Retirement savings concessions, a rethink of the capital gains tax (CGT) relief on most NZ and Australian shares within portfolio investment entities (PIE) and changes to the fair dividend regime (FDR) will all be up for discussion under the Sir Michael Cullen-headed tax reform consultation.
Cullen said a broad-based CGT (excluding the family home) – one of the specific Tax Working Group (TWG) agenda items – would inevitably spill over to the current capital gains exemptions on most NZ and Australian shares held in PIEs.
The PIE carve-out of CGT for NZ and most ASX-listed shares (not necessarily available to direct investors) operates as a significant de facto incentive for funds investing in local equities, including KiwiSaver schemes.
According to Cullen (who as the-then Finance Minister introduced the PIE and KiwiSaver regimes in 2007), any proposal to introduce a broad-based CGT would have to take account of flow-on effects to KiwiSaver and PIE investors.
“There are lots of inter-linked bits [in the PIE rules],” he said. “If you change one part it will affect all the others.”
However, Cullen said under current settings only high income-earners currently benefit from the PIE concession that sets a top tax rate of 28 per cent (compared to the 33 per cent maximum income tax rate).
In its discussion paper released last week, the TWG says under an equitable regime for investors “there would be no difference in marginal effective tax rates between the types of investments”.
“Relative to other countries, New Zealand’s marginal effective tax rates on savings are quite uniform, but there may be room for improvement to make our current system more consistent,” the TWG paper says. “Consistent treatment should improve both fairness and efficiency.”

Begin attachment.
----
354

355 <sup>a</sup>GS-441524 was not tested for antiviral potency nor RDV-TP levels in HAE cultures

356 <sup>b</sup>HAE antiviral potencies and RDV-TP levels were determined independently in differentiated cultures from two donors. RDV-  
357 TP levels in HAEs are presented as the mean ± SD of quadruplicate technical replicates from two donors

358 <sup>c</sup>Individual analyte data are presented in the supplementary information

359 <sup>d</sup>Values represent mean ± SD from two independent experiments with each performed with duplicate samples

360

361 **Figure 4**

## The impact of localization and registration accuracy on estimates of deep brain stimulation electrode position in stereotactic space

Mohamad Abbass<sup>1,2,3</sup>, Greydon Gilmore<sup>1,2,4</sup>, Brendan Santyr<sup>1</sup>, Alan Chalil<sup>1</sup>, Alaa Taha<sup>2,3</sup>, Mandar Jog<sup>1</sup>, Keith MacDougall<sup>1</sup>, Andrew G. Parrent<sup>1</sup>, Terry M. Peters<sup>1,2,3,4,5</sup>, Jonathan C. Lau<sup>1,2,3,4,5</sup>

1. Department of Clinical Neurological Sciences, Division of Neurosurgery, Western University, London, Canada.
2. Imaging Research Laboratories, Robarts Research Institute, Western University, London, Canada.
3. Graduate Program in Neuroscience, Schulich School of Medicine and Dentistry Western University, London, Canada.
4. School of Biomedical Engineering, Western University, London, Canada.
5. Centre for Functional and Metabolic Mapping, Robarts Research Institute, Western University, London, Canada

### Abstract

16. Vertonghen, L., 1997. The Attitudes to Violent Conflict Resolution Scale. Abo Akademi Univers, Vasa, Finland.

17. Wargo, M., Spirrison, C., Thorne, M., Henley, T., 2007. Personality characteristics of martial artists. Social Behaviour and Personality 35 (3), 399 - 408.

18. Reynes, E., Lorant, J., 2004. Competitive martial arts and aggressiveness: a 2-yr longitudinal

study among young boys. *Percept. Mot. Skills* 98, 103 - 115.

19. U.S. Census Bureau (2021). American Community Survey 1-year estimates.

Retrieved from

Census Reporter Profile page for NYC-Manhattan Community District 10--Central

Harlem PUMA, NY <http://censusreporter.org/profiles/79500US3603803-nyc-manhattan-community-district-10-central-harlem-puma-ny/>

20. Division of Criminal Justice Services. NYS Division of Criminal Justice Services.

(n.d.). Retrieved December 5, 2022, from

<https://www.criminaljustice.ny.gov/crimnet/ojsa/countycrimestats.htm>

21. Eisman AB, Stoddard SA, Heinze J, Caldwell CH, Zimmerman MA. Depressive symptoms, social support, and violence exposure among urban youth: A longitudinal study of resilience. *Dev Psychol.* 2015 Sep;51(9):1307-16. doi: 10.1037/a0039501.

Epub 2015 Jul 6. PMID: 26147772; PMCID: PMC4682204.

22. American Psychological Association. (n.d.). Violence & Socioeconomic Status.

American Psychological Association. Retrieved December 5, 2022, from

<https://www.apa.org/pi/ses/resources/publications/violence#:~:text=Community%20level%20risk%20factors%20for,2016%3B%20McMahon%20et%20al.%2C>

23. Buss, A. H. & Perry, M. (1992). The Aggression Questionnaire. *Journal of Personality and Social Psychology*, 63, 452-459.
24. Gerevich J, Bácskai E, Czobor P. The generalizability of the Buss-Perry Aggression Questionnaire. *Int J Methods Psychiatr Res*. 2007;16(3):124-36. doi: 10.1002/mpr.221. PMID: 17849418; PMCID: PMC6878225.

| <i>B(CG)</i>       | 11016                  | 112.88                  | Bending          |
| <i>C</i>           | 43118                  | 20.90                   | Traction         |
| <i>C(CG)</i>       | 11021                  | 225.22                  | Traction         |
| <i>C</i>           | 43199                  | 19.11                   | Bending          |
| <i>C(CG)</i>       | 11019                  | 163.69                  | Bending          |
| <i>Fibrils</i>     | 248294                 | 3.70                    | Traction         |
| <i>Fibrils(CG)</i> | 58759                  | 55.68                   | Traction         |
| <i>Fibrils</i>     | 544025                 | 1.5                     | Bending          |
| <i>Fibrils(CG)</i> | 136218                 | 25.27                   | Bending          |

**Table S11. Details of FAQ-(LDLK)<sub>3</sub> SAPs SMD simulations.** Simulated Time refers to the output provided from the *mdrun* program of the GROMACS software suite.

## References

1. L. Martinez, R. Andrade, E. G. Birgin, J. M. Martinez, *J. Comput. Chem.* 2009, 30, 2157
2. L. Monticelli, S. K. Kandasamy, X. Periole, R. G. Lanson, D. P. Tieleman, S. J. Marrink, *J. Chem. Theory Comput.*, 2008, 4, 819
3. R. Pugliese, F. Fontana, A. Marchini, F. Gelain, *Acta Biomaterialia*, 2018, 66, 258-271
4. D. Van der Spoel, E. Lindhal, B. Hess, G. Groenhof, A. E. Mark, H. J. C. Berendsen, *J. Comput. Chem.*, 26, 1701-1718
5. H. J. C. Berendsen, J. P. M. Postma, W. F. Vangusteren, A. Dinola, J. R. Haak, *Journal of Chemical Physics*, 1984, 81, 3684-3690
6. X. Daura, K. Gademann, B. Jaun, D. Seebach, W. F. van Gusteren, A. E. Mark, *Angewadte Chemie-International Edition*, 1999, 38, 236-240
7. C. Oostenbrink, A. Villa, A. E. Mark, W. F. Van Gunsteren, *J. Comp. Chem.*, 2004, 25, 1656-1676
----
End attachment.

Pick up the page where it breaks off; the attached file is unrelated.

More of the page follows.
The TWG analysis shows bank account deposits and distributed company earnings garner the highest effective marginal tax on savings of 55.7 per cent followed by offshore equities under FDR (55 per cent). Superannuation funds, PIEs and non-distributing companies face an effective marginal tax impost of 47.2 per cent, the paper says, while equity in rental property (29.4 per cent) and the family home (11.3 per cent) were the most lightly-taxed saving vehicles.
Cullen said the problematic FDR rules – that levy a tax on offshore equities based on the year-end market value of 5 per cent of total assets – would be considered by the TWG.
But as the man responsible for introducing FDR, Cullen said he may recuse himself from much of that debate.
“[FDR] was a compromise solution that attempted the best estimate of income [from offshore equities],” he said.
The TWG paper also earmarks the NZ retirement income system – which taxes savers on the way through but exempts final draw-down payments (known as tax-tax-exempt – or TTE) – for review.
“New Zealand’s approach to the taxation of retirement savings is also distinct,” the discussion document says. “The tax system does not offer large concessions for retirement savings; retirement savings contributions are taxed when they are made and as investment income is earned, rather than when the savings are drawn down in retirement.”
Cullen said changing from a TTE system to one that exempted investment returns and/or contributions would come with a large bill for government.
The TWG paper says: “If New Zealand were to switch to a system where income earned on the [retirement savings] investment was not taxed, the fiscal cost would be significant.”
Aside from a broad-based CGT and potential retirement savings incentives, the TWG would consider a number of proposals covering GST tweaks, charitable exemptions as well as wealth, land and environmental taxes.
Cullen said growing fiscal pressure and intergenerational equity issues would ultimately require taxes to weight towards capital rather than labour.
Submissions to the first round of TWG consulting are due by the end of April with the final recommendations slated for February next year.
The group would discuss how to publish submissions, among other matters, at the next of its fortnightly meetings this Friday, Cullen said.